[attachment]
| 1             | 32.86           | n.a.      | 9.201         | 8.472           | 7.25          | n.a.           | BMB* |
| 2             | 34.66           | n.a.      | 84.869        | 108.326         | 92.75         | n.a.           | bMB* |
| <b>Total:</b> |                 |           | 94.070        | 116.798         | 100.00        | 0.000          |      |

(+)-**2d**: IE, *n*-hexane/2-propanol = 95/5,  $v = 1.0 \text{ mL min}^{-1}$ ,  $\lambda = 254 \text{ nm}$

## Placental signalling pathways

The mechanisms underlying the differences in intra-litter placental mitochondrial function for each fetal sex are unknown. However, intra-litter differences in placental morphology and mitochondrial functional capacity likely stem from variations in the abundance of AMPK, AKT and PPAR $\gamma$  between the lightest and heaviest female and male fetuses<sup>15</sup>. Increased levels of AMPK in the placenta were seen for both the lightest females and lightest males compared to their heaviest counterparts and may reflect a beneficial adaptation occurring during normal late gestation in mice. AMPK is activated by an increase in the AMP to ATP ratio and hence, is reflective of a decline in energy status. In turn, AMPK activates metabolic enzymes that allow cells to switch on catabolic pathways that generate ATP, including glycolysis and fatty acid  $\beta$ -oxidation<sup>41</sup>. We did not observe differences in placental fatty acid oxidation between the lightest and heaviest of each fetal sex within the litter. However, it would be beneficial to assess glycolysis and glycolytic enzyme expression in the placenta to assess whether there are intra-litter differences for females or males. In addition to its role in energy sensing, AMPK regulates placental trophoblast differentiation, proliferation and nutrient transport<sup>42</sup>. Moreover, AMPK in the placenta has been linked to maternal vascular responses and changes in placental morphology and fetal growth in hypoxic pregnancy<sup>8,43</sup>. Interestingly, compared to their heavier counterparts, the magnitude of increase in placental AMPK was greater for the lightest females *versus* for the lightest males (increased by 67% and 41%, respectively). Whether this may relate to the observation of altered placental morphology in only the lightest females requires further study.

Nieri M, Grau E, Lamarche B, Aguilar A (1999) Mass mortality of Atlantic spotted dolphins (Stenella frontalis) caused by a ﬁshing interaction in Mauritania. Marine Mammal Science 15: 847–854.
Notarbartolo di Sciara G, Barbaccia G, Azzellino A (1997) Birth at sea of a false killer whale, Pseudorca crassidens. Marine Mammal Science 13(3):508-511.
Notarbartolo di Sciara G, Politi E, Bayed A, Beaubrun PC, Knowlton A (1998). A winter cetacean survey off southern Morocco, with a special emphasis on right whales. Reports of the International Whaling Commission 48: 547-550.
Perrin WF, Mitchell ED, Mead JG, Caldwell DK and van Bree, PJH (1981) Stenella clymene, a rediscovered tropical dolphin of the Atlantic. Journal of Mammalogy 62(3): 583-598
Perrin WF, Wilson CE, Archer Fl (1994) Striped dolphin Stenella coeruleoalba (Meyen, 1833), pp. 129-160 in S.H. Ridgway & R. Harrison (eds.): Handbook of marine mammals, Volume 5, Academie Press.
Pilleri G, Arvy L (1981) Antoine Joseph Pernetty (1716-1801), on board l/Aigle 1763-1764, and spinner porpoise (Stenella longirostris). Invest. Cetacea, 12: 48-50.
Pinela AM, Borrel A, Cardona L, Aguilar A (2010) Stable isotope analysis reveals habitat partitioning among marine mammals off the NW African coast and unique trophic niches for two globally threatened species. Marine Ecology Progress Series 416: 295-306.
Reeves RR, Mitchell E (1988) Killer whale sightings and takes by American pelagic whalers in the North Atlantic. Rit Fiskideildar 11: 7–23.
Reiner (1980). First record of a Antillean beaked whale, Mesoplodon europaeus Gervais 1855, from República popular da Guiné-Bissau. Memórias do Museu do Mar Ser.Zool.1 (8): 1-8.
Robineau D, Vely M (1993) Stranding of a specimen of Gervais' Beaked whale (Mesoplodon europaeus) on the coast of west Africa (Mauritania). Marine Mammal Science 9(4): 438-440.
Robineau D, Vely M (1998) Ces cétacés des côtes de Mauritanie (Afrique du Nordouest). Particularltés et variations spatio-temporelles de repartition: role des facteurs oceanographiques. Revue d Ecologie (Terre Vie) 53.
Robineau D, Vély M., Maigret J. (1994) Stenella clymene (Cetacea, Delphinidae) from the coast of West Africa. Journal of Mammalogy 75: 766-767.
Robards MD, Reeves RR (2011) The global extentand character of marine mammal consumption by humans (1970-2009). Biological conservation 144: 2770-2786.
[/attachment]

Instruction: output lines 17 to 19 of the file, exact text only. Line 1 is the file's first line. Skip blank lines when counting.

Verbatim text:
Robineau D, Vely M (1998) Ces cétacés des côtes de Mauritanie (Afrique du Nordouest). Particularltés et variations spatio-temporelles de repartition: role des facteurs oceanographiques. Revue d Ecologie (Terre Vie) 53.
Robineau D, Vély M., Maigret J. (1994) Stenella clymene (Cetacea, Delphinidae) from the coast of West Africa. Journal of Mammalogy 75: 766-767.
Robards MD, Reeves RR (2011) The global extentand character of marine mammal consumption by humans (1970-2009). Biological conservation 144: 2770-2786.